In our last post, we talked about the first two levels of catabolic perspective: The Victim and The Conflict Perspective. So let’s do a quick recap. The Victim Perspective is the feeling of no control, the constant inner dialogue that says, “There is nothing I can do anyway.” This perspective can leave us feeling depressed, unmotivated and crippled by our own inability to make changes.
The second level is the Conflict Perspective, when we believe the world is against us. This common viewpoint sees things as being black or white, wrong or right. When a problem arises, focus is on what went wrong and who to blame rather than how to fix it. This can lead to frustration, and suspicion of others.
As you may have noticed, these perspectives hold fast to the idea that our emotions and reactionsare controlled by the situation rather than our being in control. Not a great way to look at things, right? So let’s start the shift into the more productive ways of thinking!
The third perspective is one of transition.
It’s not as destructive as the first two catabolic perspectives, but it’s not quite into the constructive anabolic perspectives that we’ll get to later. This is the Rationalization Perspective or the justification perspective and is the first perspective where we start to use psychology against ourselves. Fundamentally this perspective is about avoidance. Rationalizing is what we do in order to avoid dealing with something that could be difficult to handle. For example, say someone cuts you off during your morning commute. If you were in one of the first two perspectives, you’d either say ‘Why does this always happen to me?’ (level 1) or ‘People are such idiots!’ (level 2). In level 3, you instead rationalize the other driver’s behavior by saying something like, ‘He must be really late for a meeting’.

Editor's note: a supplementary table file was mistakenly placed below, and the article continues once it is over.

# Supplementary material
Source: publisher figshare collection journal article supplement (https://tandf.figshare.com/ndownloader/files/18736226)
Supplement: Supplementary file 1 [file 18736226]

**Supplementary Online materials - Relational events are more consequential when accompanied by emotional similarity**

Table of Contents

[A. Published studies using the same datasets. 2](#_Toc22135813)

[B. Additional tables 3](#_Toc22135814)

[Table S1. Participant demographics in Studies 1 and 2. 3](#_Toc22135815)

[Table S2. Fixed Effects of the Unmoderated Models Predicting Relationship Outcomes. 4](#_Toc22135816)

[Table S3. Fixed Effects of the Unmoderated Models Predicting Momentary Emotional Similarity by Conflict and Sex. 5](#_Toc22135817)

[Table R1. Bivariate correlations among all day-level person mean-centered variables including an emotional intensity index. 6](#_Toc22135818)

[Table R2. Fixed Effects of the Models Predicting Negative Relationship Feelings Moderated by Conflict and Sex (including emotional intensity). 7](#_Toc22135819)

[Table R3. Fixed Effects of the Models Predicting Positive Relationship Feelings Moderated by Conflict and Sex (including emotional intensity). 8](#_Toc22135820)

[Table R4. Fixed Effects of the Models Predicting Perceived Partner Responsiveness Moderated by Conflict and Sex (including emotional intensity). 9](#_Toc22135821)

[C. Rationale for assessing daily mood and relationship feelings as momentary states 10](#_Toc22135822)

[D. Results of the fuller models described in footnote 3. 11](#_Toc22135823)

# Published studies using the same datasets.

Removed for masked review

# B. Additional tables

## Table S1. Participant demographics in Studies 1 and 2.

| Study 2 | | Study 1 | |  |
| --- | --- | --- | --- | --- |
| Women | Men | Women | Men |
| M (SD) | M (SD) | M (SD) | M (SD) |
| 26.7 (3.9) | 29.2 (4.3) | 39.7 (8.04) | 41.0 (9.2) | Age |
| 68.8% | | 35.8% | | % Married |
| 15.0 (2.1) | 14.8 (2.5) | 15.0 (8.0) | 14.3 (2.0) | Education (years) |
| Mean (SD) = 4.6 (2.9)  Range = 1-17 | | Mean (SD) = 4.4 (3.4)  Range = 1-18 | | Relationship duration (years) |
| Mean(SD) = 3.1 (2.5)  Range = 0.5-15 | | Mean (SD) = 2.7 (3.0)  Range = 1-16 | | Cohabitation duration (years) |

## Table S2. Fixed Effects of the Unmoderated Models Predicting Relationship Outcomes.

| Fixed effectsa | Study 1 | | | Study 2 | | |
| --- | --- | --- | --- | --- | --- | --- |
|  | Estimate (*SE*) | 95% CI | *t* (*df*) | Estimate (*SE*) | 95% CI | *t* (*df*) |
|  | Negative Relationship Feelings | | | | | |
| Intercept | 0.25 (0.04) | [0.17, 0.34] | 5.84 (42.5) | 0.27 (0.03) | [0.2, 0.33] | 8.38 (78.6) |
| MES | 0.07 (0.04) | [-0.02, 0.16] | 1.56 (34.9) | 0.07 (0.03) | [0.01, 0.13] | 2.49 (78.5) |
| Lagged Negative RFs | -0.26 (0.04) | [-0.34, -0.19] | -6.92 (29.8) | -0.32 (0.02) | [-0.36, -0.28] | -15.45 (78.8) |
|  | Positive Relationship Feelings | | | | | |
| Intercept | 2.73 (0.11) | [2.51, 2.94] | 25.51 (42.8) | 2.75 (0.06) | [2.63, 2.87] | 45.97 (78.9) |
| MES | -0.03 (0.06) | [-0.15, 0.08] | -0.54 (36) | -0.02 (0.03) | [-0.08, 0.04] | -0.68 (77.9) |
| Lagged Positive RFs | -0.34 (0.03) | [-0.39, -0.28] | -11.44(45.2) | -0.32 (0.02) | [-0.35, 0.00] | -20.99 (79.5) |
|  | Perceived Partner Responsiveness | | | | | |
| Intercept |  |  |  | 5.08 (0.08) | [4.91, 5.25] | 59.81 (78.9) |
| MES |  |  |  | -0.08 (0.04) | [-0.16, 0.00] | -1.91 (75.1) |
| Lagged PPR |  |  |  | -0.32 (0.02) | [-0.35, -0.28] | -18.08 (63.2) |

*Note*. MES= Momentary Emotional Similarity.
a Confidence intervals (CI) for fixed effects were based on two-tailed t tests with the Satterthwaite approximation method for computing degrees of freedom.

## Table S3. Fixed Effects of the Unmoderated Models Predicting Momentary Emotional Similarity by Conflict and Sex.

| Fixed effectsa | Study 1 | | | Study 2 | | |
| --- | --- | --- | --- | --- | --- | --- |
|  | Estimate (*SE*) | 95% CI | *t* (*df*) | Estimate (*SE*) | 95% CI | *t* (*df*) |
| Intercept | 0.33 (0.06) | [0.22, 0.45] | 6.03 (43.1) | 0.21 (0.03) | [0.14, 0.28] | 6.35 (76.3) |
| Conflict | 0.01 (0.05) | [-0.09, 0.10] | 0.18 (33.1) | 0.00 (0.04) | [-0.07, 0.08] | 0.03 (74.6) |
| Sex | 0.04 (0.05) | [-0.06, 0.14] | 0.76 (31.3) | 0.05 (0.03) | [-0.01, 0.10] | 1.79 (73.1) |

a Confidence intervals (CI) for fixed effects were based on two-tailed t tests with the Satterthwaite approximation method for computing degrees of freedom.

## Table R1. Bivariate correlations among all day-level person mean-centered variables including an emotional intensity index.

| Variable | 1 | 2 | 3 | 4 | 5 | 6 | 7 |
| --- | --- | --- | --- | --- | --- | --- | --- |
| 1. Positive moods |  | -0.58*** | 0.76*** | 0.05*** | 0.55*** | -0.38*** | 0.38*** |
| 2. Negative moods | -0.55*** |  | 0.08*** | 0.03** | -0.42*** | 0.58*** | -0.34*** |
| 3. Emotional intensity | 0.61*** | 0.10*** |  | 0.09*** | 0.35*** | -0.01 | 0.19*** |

This perspective is characterized by thoughts like, “Life is what you make it,” or the ever-popular, “Let’s all just get along.” The emotions that drive this perspective are tolerance, compromise and forgiveness. There are A LOT of business seminars teaching how to use this perspective for conflict resolution. And it sounds pretty good, right? What’s wrong with seeing the other side and getting along? What can be the downside? Well, the downside is that most of the time, you’re not addressing the actual issue. If you continue to only justify and compromise, it’s likely you’re not working on the core issue and it will just keep rearing its ugly head.
Have you been on the receiving side of this perspective? How do you feel when talking to a rationalizer? It can feel like they are making excuses without actually making changes, or that they are listening to what you’re saying without actually hearing and understanding your concerns. It can be hard to really build a relationship with someone whose main concern is keeping the peace. Although it can be soothing to talk to the friend who always says, “Everything will be just fine!” or “It could always be worse!”, these are not the friends you go to when you really need someone to help you figure stuff out.
The great thing about this perspective is that it’s a stepping stone to better leadership and better relationships. Unlike the first two perspective, which were very self-focused, we are starting to see our neighbors as friends rather than foes. If you are in this perspective and looking for a change, then this can be your turning point. Though the rationalization phase is certainly not the best place to hang out, it’s certainly better than the first two phases. We’re going to really start seeing the power of positivity in these next few perspectives, and I’m excited to share them with you!
Trish Cody has over 18 years of experience consulting with some of the world’s top Fortune 500 Companies. Today, as an ICF and iPEC Certified Coach and Energy Leadership Master Practitioner, Trish works with clients to uncover their core values and beliefs, clearly see how they are showing up in their behaviors and impacting their success, and to shift their thinking to naturally attract positivity and success. For more information, visit www.TrishCody.com.